Then in a circle with one person in the middle, and that person is distributing the sticks around the group. (About 6 sticks moving.) But sticks only move when the center person asks for them.
Then in a hard variation where anyone on the outside can throw the sticks to the center person—leads to many situations where someone is getting clobbered with sticks.
—Singing. We learn a song and sing it in a circle. G. conducts us and varies it. I am exhilarated by this, lifted up. How can I make the physical work as glorious for me as singing is? What is there that I can find from one that the other still lacks?
We repeat the song, over and over, at a quieter volume, and people take turns standing in the middle and improvising on top of it vocally. I should volunteer for this, but I don’t. I should, though.
—Massage. Groups of 4: 3 people massage one person while recipient lies face down.
And it is done. Just like that. Our 5-day workshop is over. Cooldown yoga, then—done. Into the shower queue.
In the evening:
We wander out, to the milk-bar and Lulu Belle. We sit. We drink. We ask each other, “repeatingly,” the same questions. What did you think? Are you doing the MA? Why not? Why? What will you do it for? Can you afford it? Why or why not should one do it? Why, why, why, why, why, why, why? DLACZEGO? I am tired.
G., the workshop leader, comes out and sees us sitting with drinks and nods with approval. He is heading to Warsaw for the other theater he runs. He is busy, and I think of B., my former boss. Not even B. ran two theaters at once for long.
I ask after J., who lives in Warsaw, and he tells me I can find her at Literatka if I run over there now. This is a very pleasant surprise. I go, I find her, and we make plans for a lunch Friday.
Party, put on by the Greek actors. There is Greek food and Greek wine and Greek singing, accompanied by a drum. It is glorious. The Greek singing is interrupted by the Polish police, young men wearing black jackets with the letters POLICJA on the back, who have been called by the neighbors across the street. There is much amusement. There is more singing. There is talking of the kind that will never end. I realize I cannot be as endless as this party.
Leave the party in a timely manner, intending to get lots of sleep, only to realize that the tram isn’t running and I have no phone and no idea how to get a taxi. Walk, walk, walk. Figure out how to walk back but realize I don’t feel safe doing so at night. Return to obvious street corner and wait for night bus, whereupon a taxi pulls up. I manage to tell him how to get me home using only Polish. He asks me if I am German, and I get to use the phrase “Jestem AmerykankA.”
[Recap of Friday, July 29]
Wake up with a hangover in my calves and neck. Eat a grudgeful breakfast. What am I so off-kilter about this morning? What? It is very strange to not have rehearsal.
Buy groceries. Do laundry. Go to the Rynek and try to run thirty thousand errands: specifically, spend far too long buying a pair of waterproof leather Euro-esque sneakers that will be appropriate for the amount of walking and raining that happens here. Shop and shop and shop. I need a towel, I need bandages and tape for my feet, I need flowers for the office staff (kwiaty!!), I need batteries and an alarm clock, water and bread and milk and pasta. Fail to buy a cell phone.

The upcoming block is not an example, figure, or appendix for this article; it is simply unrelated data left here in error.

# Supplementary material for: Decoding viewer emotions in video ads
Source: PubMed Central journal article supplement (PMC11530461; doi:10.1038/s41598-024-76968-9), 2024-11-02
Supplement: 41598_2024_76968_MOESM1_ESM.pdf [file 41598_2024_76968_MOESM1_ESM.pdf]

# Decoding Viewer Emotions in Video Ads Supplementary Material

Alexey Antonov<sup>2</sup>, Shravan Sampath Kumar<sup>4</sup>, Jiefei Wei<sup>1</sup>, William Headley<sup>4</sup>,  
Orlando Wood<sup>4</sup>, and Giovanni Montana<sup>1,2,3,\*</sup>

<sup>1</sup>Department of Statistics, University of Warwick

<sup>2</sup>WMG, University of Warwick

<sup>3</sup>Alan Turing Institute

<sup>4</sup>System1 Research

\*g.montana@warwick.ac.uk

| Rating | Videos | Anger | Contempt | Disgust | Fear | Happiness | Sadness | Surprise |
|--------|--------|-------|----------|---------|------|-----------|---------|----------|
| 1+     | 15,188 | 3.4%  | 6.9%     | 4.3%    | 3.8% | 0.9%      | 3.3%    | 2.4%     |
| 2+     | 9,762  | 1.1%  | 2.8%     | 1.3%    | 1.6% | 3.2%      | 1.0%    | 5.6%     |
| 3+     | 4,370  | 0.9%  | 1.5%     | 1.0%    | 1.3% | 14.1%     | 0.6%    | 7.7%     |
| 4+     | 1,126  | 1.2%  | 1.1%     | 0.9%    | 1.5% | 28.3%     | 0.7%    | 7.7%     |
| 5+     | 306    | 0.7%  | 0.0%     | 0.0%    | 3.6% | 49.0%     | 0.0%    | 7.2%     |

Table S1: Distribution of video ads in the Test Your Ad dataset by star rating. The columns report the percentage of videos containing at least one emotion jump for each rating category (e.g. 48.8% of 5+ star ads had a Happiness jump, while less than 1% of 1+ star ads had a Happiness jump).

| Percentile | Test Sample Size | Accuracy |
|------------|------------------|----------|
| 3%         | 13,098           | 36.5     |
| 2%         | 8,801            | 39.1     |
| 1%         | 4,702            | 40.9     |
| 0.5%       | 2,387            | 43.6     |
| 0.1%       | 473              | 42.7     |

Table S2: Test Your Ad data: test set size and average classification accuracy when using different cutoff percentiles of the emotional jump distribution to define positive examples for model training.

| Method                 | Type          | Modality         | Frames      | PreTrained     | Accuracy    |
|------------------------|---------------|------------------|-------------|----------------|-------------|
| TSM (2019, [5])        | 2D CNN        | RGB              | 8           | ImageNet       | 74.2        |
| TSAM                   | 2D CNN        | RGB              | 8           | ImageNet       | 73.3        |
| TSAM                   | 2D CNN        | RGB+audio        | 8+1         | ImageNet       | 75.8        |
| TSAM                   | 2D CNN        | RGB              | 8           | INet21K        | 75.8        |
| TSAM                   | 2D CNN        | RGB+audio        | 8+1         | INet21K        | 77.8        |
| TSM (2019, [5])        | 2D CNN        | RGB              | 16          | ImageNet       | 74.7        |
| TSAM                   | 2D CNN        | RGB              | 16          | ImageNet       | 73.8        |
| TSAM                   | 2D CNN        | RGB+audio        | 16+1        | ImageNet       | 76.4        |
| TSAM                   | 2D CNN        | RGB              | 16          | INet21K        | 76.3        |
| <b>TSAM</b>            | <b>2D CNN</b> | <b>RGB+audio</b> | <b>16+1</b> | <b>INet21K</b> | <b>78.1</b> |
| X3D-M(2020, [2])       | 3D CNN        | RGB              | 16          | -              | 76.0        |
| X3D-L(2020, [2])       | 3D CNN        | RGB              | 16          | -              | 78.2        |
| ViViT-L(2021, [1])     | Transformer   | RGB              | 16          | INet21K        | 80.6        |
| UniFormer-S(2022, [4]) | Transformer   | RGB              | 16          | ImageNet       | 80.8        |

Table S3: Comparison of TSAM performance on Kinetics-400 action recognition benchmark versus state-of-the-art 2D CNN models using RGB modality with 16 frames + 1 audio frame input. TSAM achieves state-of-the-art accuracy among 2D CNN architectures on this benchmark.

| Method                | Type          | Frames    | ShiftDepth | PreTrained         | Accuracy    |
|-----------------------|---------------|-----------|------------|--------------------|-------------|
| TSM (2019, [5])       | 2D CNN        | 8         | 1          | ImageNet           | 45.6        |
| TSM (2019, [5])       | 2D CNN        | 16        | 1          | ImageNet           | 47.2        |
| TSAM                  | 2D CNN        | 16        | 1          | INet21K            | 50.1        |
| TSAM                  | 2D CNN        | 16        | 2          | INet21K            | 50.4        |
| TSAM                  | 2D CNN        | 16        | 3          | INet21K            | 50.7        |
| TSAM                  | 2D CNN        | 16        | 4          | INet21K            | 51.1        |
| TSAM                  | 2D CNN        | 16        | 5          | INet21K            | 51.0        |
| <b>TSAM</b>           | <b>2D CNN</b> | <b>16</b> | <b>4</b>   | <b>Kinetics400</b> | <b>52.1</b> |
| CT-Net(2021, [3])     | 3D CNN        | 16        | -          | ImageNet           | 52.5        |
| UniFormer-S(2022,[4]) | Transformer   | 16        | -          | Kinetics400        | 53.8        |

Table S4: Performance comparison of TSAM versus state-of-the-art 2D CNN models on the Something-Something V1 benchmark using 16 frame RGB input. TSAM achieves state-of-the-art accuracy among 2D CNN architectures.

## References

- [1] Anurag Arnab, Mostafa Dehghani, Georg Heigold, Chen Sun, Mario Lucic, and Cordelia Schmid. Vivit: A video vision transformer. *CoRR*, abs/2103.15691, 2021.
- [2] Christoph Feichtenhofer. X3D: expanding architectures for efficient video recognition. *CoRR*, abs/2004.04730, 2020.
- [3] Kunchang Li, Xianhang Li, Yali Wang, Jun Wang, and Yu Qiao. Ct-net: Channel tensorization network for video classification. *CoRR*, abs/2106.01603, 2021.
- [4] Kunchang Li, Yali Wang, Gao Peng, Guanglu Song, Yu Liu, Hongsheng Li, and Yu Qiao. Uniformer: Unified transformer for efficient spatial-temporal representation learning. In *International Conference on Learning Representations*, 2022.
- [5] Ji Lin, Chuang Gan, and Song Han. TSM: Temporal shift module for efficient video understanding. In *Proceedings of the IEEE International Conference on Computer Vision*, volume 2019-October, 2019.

Skip the party at Mleczarnia (walk all the way there and realize—far too out of it to join the group.) Return home early, grumpy, and collapse, which was what I wanted to do all day. Perhaps it is better to let the day off be a day of collapse than to try to accomplish anything during it. Sometimes accomplishing things is not what needs to happen. Sometimes nothing needs to happen. Like, often.
I have finished Star Trek: TNG, Season 5, and I don’t like 6 and 7 as much. They are full of episodes written after Roddenberry’s death, and they lack some of the compassion of his work. Still, I watch some, before falling asleep.
I will wake up early the next morning and jump into a monologue, Tamora, as if I had never left it. Perhaps I never did.
ANASTASIO: It’s when I start applying my own fucked-up perspective to a show—so I had a bad day, whatever—that I start adding judgment to it. Or I play something and start judging what I’m playing. It’s just like that, walking around in life, that’s true! How often do I find myself walking around and being aware of my surroundings and not having some fucked-up internal dialogue in my head that never ends?
– Trey Anastasio, interview w. Ross Simonini for The Believer. Via Longreads.
Well, I don’t know how often you find yourself doing that, Trey, but it happens to me quite often.
So that’s that. And now there are more workshops to come.
I am in a Starbucks. I am in a Starbucks. I am in a Starbucks. Who goes all the way to Poland to sit in a Starbucks? I do, I suppose. Sometimes.
I type so quickly. So quickly that when people see me doing it they are surprised. Z. types as quickly as I do, I know. When the two of us are together at a cafe, as we sometimes have been, in the Bay Area or elsewhere, the noise is deafening. I am, I must admit, proud of the speed we both have.
I am so glad to write every time I do it. This blog is keeping me sane. I come to the keyboard feeling as if I was sitting down at a piano. Which reminds me, I want to find a piano.
I miss you, all of you, today. And every day.